There are some interesting points to note about assessment methodology. We all have an innate desire to know where we place and how we are progressing, I think some of this is driven from how we learn at school. In school, the end point of your learning is always a summative assessment that usually leads to some form of qualification, which is based on attainment of defined criteria. Along the way, you have various formative assessments to check your progress. Most of these formative assessments in school take the form of a quiz, because if you are teaching 30 students then you just can’t individually listen to them speak and then give them detailed feedback. It is far quicker for teachers to, say, check how well students can remember the conjugations of a verb or can recall a list of vocabulary. Full marks = good student and you get praise, low marks = bad student and you get criticised. That kind of teaching I think sticks with us our whole lives, so we constantly want to know how we are progressing with our studies because we have had that mindset instilled in us. Sadly, most language courses (even app based ones) still have this educationalists mindset built in of quizzing and testing and making you repeat if you “fail” it.
A formal qualification like CEFR is just a formalisation of this same process. Assessors decide what standard a person needs to reach to be able to be called “B2” (or whatever). That is generally a rigorous set of criteria that can be assessed via an assessment, which to be consistent and fair needs to be reproducible. That means, in short, lots of tick box criteria in a very formal setting. Yes, to get a B2 level you will have to be able to use the language well and it does represent a high standard, but it doesn’t necessarily translate to how well you can use the language. Most learners do not have fond memories of working towards exams, and there is a certain amount of learning the criteria needed to pass the exam. It doesn’t matter too much if you use the wrong form of a verb in real life, but that is criticised heavily in an exam because that is all they have.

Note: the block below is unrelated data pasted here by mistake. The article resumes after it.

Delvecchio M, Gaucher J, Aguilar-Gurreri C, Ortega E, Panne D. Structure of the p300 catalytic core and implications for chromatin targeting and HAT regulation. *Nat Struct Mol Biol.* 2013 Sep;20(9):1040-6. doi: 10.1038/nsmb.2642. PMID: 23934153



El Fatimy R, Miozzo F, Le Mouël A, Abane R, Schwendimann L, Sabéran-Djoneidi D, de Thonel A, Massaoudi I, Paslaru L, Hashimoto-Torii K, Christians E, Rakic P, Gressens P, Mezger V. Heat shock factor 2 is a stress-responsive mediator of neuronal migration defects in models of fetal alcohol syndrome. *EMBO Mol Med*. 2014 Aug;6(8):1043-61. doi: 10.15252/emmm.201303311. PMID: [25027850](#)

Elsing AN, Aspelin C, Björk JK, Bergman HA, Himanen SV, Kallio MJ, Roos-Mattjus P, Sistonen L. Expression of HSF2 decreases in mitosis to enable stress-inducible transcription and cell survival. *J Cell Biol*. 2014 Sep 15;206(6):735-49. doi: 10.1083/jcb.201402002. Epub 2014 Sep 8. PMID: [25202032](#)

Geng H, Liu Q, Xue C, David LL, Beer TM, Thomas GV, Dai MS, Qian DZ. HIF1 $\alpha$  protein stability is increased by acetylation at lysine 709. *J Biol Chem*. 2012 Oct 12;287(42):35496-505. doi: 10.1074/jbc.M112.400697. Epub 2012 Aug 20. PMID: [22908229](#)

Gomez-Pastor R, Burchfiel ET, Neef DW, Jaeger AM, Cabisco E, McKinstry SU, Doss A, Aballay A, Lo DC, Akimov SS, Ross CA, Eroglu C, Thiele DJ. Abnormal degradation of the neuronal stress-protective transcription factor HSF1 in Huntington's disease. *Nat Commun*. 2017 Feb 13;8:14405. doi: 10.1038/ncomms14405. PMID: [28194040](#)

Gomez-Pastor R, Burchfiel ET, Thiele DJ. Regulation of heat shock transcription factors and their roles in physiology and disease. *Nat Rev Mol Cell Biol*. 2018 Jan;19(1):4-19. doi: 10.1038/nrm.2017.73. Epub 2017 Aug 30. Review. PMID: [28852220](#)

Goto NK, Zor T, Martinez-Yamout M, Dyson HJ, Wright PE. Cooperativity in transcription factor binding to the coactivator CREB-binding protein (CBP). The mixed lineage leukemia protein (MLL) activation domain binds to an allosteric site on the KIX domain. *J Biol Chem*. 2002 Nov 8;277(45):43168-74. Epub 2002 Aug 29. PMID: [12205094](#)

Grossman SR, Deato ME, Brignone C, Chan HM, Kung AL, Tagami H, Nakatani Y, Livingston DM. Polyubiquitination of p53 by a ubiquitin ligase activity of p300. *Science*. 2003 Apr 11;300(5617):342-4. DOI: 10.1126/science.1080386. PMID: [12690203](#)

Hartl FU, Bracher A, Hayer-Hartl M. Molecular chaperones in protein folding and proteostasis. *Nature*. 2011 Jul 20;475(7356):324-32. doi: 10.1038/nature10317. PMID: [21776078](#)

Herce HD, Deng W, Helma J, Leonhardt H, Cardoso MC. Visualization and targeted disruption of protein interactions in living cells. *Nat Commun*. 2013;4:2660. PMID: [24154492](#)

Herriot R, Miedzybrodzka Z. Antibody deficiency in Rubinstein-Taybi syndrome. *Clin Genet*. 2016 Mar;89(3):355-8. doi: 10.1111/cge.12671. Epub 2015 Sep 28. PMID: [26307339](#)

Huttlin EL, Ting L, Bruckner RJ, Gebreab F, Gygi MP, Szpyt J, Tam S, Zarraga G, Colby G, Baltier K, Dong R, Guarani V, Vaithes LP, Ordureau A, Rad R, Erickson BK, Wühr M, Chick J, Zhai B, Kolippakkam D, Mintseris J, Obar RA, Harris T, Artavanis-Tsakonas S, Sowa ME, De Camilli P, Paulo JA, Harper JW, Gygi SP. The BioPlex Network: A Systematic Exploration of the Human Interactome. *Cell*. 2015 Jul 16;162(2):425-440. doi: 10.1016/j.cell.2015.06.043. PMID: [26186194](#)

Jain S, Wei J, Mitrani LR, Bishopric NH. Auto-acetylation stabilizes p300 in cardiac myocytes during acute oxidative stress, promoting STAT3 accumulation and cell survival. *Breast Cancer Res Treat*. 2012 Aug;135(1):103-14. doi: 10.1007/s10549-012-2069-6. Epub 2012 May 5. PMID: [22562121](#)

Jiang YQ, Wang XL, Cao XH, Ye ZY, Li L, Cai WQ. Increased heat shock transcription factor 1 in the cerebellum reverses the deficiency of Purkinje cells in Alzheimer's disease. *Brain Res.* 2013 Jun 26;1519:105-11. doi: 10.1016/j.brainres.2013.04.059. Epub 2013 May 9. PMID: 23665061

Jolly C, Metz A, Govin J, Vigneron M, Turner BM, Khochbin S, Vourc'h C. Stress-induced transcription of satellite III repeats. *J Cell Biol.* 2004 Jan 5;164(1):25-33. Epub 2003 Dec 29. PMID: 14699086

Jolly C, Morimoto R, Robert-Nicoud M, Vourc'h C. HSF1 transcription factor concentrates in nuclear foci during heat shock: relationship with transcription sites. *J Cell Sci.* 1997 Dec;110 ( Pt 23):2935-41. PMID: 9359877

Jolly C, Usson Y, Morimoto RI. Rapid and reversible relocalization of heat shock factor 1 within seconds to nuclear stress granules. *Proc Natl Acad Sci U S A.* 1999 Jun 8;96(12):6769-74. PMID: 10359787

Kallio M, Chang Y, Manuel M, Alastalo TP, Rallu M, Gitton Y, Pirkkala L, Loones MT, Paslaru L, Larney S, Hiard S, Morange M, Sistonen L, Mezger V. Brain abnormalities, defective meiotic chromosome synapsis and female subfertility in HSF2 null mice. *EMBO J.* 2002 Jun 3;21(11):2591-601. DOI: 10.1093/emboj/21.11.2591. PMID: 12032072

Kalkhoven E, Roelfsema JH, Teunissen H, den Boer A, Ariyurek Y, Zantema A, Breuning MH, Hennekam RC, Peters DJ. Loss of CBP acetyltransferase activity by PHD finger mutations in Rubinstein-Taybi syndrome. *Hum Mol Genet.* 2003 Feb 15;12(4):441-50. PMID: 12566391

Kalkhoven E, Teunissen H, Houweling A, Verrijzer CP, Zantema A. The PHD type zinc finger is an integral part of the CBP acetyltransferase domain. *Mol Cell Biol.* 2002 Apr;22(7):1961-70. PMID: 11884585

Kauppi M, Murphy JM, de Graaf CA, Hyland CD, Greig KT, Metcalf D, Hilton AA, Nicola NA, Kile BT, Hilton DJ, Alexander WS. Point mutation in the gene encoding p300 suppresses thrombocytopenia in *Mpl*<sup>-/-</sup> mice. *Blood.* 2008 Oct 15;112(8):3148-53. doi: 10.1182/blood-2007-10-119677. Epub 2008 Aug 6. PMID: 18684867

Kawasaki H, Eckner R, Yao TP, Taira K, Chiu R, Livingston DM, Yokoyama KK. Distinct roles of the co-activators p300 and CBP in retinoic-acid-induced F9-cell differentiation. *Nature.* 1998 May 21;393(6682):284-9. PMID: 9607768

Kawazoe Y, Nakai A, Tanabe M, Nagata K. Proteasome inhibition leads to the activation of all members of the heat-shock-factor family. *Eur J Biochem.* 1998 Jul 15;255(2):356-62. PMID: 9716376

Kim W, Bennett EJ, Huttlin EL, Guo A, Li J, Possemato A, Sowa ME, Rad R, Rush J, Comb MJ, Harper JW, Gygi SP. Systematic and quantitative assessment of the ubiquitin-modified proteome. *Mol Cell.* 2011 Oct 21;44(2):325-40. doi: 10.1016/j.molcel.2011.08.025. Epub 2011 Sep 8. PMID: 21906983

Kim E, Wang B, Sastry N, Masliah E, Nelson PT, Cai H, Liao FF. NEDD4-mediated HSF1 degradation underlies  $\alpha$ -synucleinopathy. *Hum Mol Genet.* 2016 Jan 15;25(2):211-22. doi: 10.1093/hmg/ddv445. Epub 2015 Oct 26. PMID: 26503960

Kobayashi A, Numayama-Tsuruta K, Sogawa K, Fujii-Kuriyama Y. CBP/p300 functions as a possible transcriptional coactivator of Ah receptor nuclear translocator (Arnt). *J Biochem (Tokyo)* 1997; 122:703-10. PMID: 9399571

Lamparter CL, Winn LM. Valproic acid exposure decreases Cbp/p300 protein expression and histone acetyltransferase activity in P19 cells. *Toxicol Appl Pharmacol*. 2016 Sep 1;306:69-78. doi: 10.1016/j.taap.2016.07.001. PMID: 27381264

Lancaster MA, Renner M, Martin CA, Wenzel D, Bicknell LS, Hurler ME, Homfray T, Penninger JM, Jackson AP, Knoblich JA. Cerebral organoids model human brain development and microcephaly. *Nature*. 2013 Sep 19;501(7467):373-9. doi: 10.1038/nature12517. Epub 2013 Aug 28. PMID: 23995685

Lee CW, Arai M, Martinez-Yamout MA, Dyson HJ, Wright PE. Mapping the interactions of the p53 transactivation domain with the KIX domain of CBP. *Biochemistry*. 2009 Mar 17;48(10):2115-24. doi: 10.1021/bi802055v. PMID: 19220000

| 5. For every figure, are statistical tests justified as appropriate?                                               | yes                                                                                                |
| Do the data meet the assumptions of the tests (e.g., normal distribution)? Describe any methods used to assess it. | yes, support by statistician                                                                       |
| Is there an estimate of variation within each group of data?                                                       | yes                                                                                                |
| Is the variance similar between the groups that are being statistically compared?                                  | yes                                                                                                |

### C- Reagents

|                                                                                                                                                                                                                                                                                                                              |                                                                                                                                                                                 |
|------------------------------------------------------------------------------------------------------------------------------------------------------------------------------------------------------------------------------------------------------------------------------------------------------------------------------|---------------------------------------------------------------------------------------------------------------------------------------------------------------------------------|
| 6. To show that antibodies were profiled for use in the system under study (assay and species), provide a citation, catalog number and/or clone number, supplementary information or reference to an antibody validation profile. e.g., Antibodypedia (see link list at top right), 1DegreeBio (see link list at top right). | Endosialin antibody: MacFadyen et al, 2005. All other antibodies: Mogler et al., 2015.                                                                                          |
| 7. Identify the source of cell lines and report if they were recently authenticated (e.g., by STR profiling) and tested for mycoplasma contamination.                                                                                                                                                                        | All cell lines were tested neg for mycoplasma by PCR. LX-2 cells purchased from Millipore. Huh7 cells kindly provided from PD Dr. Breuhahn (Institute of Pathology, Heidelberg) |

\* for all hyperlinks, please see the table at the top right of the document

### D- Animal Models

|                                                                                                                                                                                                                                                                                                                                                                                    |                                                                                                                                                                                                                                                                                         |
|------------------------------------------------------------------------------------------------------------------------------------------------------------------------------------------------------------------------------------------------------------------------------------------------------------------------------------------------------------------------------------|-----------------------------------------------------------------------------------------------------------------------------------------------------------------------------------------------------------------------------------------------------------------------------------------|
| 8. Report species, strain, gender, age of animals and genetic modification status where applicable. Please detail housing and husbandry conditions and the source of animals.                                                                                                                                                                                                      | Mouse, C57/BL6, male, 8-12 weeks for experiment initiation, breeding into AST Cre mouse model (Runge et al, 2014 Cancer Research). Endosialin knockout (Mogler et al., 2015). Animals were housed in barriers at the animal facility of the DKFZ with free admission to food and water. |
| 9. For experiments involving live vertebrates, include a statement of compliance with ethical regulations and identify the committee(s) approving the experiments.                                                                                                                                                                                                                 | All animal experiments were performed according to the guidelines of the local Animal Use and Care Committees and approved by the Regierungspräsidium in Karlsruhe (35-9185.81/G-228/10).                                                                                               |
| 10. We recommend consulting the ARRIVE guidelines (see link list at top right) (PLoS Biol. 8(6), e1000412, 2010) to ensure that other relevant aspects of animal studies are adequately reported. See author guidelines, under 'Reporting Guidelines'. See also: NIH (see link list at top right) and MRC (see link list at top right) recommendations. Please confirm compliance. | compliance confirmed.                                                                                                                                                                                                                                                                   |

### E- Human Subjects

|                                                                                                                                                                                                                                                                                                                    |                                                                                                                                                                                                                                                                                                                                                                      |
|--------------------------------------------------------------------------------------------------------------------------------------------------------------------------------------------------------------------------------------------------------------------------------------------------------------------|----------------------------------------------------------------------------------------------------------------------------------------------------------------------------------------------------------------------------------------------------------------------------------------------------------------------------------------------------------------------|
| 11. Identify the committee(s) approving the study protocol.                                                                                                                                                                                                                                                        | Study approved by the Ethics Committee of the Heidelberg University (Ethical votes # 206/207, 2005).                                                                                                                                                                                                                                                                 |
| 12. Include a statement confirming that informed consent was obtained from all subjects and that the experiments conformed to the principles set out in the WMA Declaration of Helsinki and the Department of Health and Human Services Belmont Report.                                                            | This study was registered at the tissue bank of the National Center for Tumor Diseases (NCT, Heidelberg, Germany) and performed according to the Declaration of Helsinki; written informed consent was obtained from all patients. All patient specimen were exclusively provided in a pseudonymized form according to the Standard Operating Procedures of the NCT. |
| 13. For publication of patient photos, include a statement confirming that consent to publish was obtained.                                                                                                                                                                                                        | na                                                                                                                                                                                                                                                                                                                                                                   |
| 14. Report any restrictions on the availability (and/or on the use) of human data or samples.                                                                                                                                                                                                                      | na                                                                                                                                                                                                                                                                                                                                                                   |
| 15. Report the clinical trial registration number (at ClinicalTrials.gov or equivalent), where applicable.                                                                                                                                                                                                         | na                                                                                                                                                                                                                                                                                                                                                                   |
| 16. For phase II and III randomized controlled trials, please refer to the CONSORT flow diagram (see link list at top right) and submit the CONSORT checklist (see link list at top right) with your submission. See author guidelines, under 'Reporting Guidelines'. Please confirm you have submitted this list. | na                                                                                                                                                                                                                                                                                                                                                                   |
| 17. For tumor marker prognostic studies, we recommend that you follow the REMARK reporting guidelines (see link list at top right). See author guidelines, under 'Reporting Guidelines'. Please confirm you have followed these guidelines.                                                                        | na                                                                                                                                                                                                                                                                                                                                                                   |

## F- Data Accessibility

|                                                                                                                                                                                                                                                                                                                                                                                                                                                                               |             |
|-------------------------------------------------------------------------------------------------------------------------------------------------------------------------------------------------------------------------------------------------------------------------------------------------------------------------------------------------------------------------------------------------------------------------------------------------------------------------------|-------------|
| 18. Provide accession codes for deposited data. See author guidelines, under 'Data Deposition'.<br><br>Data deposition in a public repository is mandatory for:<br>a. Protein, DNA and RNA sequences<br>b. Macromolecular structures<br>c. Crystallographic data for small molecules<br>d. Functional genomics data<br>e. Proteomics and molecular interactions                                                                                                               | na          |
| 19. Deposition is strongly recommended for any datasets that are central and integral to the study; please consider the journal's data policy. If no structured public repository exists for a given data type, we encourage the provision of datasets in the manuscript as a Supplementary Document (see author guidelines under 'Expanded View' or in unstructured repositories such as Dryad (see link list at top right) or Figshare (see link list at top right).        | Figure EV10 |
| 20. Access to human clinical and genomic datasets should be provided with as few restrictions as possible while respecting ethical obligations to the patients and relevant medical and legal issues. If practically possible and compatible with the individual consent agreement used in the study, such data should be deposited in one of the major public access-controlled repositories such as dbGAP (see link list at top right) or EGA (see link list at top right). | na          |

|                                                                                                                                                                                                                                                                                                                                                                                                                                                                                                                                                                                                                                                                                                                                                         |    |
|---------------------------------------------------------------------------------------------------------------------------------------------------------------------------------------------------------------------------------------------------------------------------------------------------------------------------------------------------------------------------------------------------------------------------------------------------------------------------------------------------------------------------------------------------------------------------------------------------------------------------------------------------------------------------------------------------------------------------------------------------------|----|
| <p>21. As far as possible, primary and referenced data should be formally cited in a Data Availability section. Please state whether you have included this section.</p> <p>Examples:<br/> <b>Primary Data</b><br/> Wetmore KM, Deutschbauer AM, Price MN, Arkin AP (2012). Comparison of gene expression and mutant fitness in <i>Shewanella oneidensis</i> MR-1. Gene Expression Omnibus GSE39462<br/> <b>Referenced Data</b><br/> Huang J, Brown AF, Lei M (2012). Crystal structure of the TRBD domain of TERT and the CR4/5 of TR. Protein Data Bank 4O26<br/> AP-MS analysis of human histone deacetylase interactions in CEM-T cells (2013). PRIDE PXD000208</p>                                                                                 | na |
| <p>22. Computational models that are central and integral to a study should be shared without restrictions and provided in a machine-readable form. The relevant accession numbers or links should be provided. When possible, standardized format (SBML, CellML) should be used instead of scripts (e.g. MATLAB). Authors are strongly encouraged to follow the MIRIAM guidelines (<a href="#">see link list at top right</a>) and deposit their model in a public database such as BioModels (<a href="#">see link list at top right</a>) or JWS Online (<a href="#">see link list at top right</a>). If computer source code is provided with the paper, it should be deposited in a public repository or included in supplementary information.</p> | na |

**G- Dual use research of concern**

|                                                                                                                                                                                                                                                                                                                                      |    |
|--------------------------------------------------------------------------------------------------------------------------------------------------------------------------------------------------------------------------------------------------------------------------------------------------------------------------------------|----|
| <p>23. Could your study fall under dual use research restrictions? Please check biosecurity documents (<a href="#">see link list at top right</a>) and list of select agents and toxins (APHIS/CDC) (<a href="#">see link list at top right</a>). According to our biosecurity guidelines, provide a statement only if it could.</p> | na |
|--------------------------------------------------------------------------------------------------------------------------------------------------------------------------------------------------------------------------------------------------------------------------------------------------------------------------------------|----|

My personal acid test for anything is to think about what it would add to your life. Think how your life would be better if you have “passed” an exam. If you really think that you would enjoy taking an exam, can afford it and think that you would be happier if you knew that you had reached a particular criteria then consider it. If you need to be able to demonstrate your language skills for work or study, then you have to take an exam and that you can enrich your life. If you are working in a job (or want to work in a job) where having language skills would give you an advantage, then you may well want to have an objective grading of your skills that you can put on your CV (resume).
If learning languages is your hobby, then the enrichment in your life will come from the goals that you set for yourself. In my opinion it is far better to set yourself meaningful targets that mean something to you rather than shooting for an objective standard of your learning.
Back when I was learning Spanish I actually took a DELE exam. I didn’t really need to, I was just curious (and we were encouraged to do so in our Spanish class). In my experience, it was worth it.
During the several weeks of preparation before the test I significantly improved my Spanish. It was one of the biggest language learning boosts I had. I brushed up my grammar, reduced mistakes in the areas I had problems with, increased my vocab on a variety of topics, improved my writing, and hugely improved my listening comprehension (which at the time was my weakest spot and biggest concern).
So I’d say, if you can spare time and money - go for it. It will shake up your learning routine a bit and in the end will help you improve. And it does give you an idea of where you at and what are your weak spots. However I would advise against taking levels A1-A2, I think they’re too easy to be a challenge and practically useless in any other aspect. (Also, you probably won’t need a C2 test unless you’re an interpreter or a language teacher)
On the other hand, lack of a DELE certificate doesn’t mean your language knowledge is worth less then that of a person who has it.